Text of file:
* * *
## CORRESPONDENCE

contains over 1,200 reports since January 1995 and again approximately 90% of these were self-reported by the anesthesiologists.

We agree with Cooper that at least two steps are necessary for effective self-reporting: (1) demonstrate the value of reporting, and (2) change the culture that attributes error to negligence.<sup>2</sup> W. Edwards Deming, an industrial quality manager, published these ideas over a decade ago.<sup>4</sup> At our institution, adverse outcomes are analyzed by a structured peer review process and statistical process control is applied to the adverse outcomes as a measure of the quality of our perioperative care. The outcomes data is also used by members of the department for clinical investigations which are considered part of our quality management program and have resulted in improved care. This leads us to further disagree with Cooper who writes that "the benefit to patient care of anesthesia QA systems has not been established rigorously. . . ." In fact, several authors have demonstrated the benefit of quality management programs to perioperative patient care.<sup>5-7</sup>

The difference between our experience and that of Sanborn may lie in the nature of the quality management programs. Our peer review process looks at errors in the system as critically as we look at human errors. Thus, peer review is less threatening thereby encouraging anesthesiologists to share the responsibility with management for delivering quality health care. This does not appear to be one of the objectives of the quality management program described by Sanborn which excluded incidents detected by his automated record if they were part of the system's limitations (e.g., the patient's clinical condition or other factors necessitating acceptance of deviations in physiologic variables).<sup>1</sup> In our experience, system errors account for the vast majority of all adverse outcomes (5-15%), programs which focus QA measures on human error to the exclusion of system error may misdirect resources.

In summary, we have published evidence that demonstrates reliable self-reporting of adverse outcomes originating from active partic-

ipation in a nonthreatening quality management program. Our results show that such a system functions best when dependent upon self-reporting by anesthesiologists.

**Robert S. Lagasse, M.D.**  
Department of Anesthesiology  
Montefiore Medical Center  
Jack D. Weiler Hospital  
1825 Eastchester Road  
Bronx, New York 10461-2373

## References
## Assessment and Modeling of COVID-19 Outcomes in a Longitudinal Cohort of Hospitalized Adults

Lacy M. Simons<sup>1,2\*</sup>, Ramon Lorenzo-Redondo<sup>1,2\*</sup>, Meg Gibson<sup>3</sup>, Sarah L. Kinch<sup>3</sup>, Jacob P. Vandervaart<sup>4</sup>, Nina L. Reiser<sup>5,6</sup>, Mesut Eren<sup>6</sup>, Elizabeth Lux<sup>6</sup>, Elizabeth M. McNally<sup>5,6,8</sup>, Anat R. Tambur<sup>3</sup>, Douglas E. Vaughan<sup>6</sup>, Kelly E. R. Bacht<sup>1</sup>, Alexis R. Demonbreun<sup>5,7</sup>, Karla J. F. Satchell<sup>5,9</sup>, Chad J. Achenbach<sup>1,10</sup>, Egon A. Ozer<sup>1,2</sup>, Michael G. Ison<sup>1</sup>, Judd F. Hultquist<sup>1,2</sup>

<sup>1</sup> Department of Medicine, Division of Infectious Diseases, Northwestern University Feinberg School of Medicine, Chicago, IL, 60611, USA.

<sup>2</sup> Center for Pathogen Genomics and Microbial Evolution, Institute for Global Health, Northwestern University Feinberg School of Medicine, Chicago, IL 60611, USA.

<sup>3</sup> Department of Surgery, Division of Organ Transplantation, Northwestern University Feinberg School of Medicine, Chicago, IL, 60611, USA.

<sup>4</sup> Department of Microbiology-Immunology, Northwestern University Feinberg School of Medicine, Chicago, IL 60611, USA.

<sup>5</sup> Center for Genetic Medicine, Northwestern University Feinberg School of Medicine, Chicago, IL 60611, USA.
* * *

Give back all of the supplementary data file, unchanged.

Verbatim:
## CORRESPONDENCE

contains over 1,200 reports since January 1995 and again approximately 90% of these were self-reported by the anesthesiologists.

We agree with Cooper that at least two steps are necessary for effective self-reporting: (1) demonstrate the value of reporting, and (2) change the culture that attributes error to negligence.<sup>2</sup> W. Edwards Deming, an industrial quality manager, published these ideas over a decade ago.<sup>4</sup> At our institution, adverse outcomes are analyzed by a structured peer review process and statistical process control is applied to the adverse outcomes as a measure of the quality of our perioperative care. The outcomes data is also used by members of the department for clinical investigations which are considered part of our quality management program and have resulted in improved care. This leads us to further disagree with Cooper who writes that "the benefit to patient care of anesthesia QA systems has not been established rigorously. . . ." In fact, several authors have demonstrated the benefit of quality management programs to perioperative patient care.<sup>5-7</sup>

The difference between our experience and that of Sanborn may lie in the nature of the quality management programs. Our peer review process looks at errors in the system as critically as we look at human errors. Thus, peer review is less threatening thereby encouraging anesthesiologists to share the responsibility with management for delivering quality health care. This does not appear to be one of the objectives of the quality management program described by Sanborn which excluded incidents detected by his automated record if they were part of the system's limitations (e.g., the patient's clinical condition or other factors necessitating acceptance of deviations in physiologic variables).<sup>1</sup> In our experience, system errors account for the vast majority of all adverse outcomes (5-15%), programs which focus QA measures on human error to the exclusion of system error may misdirect resources.

In summary, we have published evidence that demonstrates reliable self-reporting of adverse outcomes originating from active partic-

ipation in a nonthreatening quality management program. Our results show that such a system functions best when dependent upon self-reporting by anesthesiologists.

**Robert S. Lagasse, M.D.**  
Department of Anesthesiology  
Montefiore Medical Center  
Jack D. Weiler Hospital  
1825 Eastchester Road  
Bronx, New York 10461-2373

## References
## Assessment and Modeling of COVID-19 Outcomes in a Longitudinal Cohort of Hospitalized Adults

Lacy M. Simons<sup>1,2\*</sup>, Ramon Lorenzo-Redondo<sup>1,2\*</sup>, Meg Gibson<sup>3</sup>, Sarah L. Kinch<sup>3</sup>, Jacob P. Vandervaart<sup>4</sup>, Nina L. Reiser<sup>5,6</sup>, Mesut Eren<sup>6</sup>, Elizabeth Lux<sup>6</sup>, Elizabeth M. McNally<sup>5,6,8</sup>, Anat R. Tambur<sup>3</sup>, Douglas E. Vaughan<sup>6</sup>, Kelly E. R. Bacht<sup>1</sup>, Alexis R. Demonbreun<sup>5,7</sup>, Karla J. F. Satchell<sup>5,9</sup>, Chad J. Achenbach<sup>1,10</sup>, Egon A. Ozer<sup>1,2</sup>, Michael G. Ison<sup>1</sup>, Judd F. Hultquist<sup>1,2</sup>

<sup>1</sup> Department of Medicine, Division of Infectious Diseases, Northwestern University Feinberg School of Medicine, Chicago, IL, 60611, USA.

<sup>2</sup> Center for Pathogen Genomics and Microbial Evolution, Institute for Global Health, Northwestern University Feinberg School of Medicine, Chicago, IL 60611, USA.

<sup>3</sup> Department of Surgery, Division of Organ Transplantation, Northwestern University Feinberg School of Medicine, Chicago, IL, 60611, USA.

<sup>4</sup> Department of Microbiology-Immunology, Northwestern University Feinberg School of Medicine, Chicago, IL 60611, USA.

<sup>5</sup> Center for Genetic Medicine, Northwestern University Feinberg School of Medicine, Chicago, IL 60611, USA.